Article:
We all look forward to change; change for the better! Change in the infrastructure has been the most visible and it also made a huge impact. It took a while to take place although plans were afoot way back in the 1970s. During the 80s almost all the narrow lanes (they’ve now become broad roads) in the city were muddy roads that were a nightmare during the monsoon. All dressed up for a wedding reception, one would have to negotiate the four inch thick red mud that had been churned into a thick paste by passing vehicles. Taxis were available only on the main roads and getting there itself was a perilous journey through the sludge. In time most of these lanes were black-topped. The other dilemma was the narrowness of even the main roads. The Gairidhara road was impossibly narrow and had no sidewalks. Getting hit by a vehicle from behind was always a strong possibility and always on one’s mind. Same was the case with the Gyaneshwar road going from Kamal Pokhari to Maitidevi. With no footpath one always had to worry about the cars approaching from behind. It was better to walk on the right side as you could keep an eye on what was coming at you.
It took guts and determination for Mayor Sthapit to begin the broadening of major roads in Kathmandu. No government had ever taken the bold step of pulling down illegal constructions. Most buildings along the roadside had reportedly encroached on the road and the mayor had them cut to size. The buildings in Maiti Ghar which housed a travel agency, a hotel and several shops were demolished and replaced by a giant mandala which has now become the space for protestors. All of Ratna Park’s buildings were brought down to leave open space and a park. The Tri Chandra campus was trimmed to widen the Jamal-Durbar Marg road. Other governments that came later, especially the Bhattarai government followed suit and Kathmandu began to look and feel like a real city with broad roads. The transformation of the Gairidhara road was particularly dramatic as a traffic jam was inevitable every day. and pedestrians had no footpath to walk on. Today there are footpaths on both sides and the road is broad.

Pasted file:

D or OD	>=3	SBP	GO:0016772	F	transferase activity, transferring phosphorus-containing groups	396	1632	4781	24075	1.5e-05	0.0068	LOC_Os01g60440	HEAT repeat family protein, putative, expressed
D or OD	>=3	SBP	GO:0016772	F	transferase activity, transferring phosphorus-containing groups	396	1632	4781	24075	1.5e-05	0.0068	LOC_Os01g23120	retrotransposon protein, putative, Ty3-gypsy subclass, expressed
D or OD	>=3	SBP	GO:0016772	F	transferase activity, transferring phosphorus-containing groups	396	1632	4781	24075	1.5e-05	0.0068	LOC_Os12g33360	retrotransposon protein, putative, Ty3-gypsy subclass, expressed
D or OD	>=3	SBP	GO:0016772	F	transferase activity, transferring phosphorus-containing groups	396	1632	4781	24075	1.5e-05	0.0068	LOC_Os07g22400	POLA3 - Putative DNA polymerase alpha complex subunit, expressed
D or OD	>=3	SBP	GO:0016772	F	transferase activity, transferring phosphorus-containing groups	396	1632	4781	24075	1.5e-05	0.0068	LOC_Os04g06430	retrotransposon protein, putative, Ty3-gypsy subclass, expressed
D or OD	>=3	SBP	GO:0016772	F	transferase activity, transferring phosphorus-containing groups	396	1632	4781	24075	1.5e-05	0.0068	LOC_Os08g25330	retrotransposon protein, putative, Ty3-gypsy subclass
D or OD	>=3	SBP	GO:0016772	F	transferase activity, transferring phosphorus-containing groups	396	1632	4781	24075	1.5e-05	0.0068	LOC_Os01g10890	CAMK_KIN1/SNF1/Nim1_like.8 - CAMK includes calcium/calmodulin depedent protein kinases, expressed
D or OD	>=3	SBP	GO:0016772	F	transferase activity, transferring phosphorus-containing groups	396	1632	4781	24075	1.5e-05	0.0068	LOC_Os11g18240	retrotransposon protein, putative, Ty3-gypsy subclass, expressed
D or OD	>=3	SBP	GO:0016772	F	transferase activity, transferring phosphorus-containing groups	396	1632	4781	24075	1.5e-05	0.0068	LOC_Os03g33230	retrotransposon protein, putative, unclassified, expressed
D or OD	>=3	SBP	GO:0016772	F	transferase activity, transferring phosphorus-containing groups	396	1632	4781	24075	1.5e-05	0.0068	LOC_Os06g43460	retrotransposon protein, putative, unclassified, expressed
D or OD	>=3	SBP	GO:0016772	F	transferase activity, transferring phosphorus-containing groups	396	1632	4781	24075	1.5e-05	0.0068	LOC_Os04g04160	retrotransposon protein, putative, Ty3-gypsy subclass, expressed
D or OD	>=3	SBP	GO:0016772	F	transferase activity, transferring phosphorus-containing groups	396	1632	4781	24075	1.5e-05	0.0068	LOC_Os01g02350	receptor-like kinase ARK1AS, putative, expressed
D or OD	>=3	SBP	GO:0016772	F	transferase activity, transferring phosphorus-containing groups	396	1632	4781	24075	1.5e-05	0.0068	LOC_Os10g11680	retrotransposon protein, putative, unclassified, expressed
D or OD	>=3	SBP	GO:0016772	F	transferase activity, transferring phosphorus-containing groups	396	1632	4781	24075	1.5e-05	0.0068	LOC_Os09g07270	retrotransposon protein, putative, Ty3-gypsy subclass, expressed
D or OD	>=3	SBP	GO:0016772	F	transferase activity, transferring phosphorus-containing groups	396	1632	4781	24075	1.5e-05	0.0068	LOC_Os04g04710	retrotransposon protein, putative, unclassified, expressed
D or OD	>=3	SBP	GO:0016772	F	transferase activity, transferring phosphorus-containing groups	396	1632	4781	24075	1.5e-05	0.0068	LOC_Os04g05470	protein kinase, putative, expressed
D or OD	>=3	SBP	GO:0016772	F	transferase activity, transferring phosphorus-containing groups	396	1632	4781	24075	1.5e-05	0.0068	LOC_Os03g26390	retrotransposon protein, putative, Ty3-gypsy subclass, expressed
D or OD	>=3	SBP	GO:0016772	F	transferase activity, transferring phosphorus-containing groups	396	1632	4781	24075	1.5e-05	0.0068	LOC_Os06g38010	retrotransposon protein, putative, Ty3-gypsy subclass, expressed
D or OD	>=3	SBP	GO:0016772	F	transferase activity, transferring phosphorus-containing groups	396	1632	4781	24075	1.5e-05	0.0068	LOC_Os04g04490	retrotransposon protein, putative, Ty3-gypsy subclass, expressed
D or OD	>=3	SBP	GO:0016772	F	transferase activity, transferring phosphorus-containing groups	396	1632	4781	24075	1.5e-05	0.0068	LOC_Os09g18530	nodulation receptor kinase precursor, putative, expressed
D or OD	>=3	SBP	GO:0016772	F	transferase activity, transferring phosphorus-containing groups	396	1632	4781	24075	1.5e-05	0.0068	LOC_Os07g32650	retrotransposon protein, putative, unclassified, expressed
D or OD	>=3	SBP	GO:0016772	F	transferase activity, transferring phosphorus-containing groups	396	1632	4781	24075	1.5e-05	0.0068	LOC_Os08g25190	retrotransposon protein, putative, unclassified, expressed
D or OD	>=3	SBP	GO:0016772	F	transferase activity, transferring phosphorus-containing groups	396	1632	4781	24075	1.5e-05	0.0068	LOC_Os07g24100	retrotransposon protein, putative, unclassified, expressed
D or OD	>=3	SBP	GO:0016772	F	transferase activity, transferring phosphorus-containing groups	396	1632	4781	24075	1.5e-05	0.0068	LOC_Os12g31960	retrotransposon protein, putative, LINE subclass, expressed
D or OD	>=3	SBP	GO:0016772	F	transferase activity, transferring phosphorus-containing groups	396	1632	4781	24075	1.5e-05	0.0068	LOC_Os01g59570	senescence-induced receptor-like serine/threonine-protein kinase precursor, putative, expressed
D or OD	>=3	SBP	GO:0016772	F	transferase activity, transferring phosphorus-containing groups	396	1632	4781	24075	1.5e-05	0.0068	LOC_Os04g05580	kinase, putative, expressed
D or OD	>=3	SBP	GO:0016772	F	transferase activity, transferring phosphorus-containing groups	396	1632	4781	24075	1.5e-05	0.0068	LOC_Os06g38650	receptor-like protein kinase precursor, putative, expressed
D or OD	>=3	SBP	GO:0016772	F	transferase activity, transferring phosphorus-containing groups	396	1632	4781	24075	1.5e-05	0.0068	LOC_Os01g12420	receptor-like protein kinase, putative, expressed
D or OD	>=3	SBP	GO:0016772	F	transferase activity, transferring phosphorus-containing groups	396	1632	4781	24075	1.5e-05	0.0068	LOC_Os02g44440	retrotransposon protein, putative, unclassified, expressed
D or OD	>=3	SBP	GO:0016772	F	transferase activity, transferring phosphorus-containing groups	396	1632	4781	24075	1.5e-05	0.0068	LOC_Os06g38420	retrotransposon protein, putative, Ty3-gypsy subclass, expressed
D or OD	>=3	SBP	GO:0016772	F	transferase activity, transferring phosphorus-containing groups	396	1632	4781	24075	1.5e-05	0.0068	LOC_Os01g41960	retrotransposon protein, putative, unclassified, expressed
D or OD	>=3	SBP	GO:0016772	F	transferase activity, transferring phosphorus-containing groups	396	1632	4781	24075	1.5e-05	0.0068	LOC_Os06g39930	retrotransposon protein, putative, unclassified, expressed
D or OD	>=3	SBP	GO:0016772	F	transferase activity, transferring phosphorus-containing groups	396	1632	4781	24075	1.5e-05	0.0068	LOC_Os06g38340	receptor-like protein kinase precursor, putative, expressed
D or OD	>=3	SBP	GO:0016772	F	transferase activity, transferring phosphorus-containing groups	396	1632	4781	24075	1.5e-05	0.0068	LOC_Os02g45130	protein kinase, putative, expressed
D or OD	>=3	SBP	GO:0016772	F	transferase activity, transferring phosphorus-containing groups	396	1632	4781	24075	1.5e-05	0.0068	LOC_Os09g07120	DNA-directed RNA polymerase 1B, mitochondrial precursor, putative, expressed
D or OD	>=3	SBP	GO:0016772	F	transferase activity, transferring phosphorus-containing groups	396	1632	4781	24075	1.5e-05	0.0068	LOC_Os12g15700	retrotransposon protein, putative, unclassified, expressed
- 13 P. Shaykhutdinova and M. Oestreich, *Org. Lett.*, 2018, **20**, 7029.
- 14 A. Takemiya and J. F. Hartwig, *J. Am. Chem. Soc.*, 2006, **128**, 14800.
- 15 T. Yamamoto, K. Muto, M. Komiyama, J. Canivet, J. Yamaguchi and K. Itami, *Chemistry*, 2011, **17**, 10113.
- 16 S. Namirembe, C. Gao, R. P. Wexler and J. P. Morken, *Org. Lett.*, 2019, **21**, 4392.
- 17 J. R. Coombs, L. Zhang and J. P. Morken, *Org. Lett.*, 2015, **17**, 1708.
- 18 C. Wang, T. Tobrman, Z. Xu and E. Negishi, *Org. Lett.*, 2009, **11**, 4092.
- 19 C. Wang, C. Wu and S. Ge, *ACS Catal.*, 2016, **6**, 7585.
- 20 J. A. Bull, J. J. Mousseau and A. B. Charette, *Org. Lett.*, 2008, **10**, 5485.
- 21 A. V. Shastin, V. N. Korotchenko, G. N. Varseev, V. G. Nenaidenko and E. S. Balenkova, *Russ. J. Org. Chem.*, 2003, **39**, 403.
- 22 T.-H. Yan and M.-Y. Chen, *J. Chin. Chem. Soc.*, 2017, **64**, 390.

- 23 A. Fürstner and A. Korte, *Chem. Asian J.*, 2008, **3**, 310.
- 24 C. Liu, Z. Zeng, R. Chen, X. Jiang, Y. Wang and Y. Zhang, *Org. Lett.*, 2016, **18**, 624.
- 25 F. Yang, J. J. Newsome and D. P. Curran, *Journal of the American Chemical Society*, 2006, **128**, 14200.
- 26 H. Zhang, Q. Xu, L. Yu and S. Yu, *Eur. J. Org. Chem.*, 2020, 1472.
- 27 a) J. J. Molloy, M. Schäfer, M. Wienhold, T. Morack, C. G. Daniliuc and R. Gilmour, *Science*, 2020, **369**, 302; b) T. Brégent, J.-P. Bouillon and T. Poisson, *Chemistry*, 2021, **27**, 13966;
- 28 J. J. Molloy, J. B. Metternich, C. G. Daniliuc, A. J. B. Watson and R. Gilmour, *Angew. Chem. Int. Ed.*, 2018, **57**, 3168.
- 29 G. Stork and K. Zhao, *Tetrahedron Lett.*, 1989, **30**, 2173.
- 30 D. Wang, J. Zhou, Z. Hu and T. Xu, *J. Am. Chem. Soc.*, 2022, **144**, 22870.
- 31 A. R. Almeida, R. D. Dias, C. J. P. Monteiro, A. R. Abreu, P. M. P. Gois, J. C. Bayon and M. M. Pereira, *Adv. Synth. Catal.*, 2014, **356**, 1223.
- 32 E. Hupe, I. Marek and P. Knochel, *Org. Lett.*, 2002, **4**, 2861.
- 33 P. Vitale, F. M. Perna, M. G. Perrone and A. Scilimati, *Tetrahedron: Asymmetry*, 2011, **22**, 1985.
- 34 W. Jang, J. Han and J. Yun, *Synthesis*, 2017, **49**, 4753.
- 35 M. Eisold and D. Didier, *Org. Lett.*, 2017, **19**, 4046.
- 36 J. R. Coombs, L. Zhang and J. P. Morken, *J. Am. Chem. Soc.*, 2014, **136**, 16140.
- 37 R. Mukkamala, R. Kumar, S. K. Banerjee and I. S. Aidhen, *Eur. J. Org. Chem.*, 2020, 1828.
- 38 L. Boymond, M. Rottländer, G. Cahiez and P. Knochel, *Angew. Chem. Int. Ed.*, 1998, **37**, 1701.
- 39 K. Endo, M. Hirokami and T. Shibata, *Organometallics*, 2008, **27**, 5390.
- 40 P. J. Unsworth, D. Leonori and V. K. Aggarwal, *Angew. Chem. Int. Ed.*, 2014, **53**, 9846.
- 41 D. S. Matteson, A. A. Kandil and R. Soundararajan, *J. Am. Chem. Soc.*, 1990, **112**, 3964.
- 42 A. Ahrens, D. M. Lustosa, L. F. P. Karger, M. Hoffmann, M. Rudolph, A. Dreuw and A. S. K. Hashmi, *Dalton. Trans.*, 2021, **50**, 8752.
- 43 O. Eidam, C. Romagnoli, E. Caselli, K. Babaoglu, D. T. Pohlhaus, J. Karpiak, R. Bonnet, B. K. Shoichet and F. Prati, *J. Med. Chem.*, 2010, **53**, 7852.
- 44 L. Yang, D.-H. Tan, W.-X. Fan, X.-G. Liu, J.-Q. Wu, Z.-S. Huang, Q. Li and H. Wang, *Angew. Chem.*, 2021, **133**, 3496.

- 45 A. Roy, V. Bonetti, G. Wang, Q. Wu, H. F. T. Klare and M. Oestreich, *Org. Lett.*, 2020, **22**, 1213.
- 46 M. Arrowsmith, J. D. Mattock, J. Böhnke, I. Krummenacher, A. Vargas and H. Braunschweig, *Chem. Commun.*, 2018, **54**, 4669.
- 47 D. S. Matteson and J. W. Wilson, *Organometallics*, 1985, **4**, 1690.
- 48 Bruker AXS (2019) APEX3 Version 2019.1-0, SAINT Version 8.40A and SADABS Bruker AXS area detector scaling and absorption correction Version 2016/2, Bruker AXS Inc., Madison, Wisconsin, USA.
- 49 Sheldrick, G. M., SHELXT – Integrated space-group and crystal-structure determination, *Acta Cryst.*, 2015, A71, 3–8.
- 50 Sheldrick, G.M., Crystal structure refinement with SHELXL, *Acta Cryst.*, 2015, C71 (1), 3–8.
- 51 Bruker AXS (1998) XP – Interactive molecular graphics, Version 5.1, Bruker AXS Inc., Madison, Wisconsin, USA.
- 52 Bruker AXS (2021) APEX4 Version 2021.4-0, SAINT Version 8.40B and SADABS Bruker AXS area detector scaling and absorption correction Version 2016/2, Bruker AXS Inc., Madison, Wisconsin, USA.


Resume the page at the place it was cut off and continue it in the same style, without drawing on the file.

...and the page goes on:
When it comes to women, we have seen great changes too. Yes, no doubt a lot more needs to be done but they have come a long way. The streets were once dominated by men as only men drove, be it a motor vehicle or a motorcycle. Today a vast number of women don’t depend on a male relative to reach them to their destinations; they ride their own scooters. Many women also drive their own cars to work. A major change came when we saw a woman drive a commercial vehicle which was a safa tempo. To be out there competing with male drivers was a bold step indeed. It takes guts to be out on the street vying with bigger vehicles that routinely tend to bully the smaller ones. Today, women have taken up the challenge and we now see woman conductors (Khalasis) on local buses; one even drives a Sanjha bus and they are doing a fine job.
Banks these days are heavily reliant on a female work force. In fact women have entered all fields in the world of employment. One of the most noticeable was when women joined the police force and we saw some of them riding horses; these women made us proud, as they handled their jobs capably. In Pokhara, when you go boating you come across women working as a boatman or should we call them boatwoman? It was also in Pokhara that we saw the first female trekking guides. Women have made it in all fields: climbing mountains, stunt driving, heading companies and running their own businesses, besides becoming pilots and stewardesses. Modernization has also given them opportunities: to work as models, designers, beauticians and of course some have become CEOs and managing directors.
But a major life changing moment for Nepalis came when load-shedding was eliminated for good. This is by far the most significant change ever to affect Kathmanduites. With a reliable constant supply of electricity, we no longer had to stay up to mid-night in order to iron clothes. We were no longer disappointed that a coffee shop couldn’t serve coffee because the power had gone off. But I do remember fondly one incident when the guy at a coffee shop turned on the generator to make one cup of coffee for me. There were no other customers but me. Load-shedding of up to 18 hours a day had totally disrupted our lives and even destroyed some businesses. Returning from Abu Dhabi one night I was saddened to see the city almost in complete darkness. We are beyond that now and there are plans to sell more electricity to India. The ban on honking was yet another milestone and we look forward to more accomplishments. Speed limits perhaps!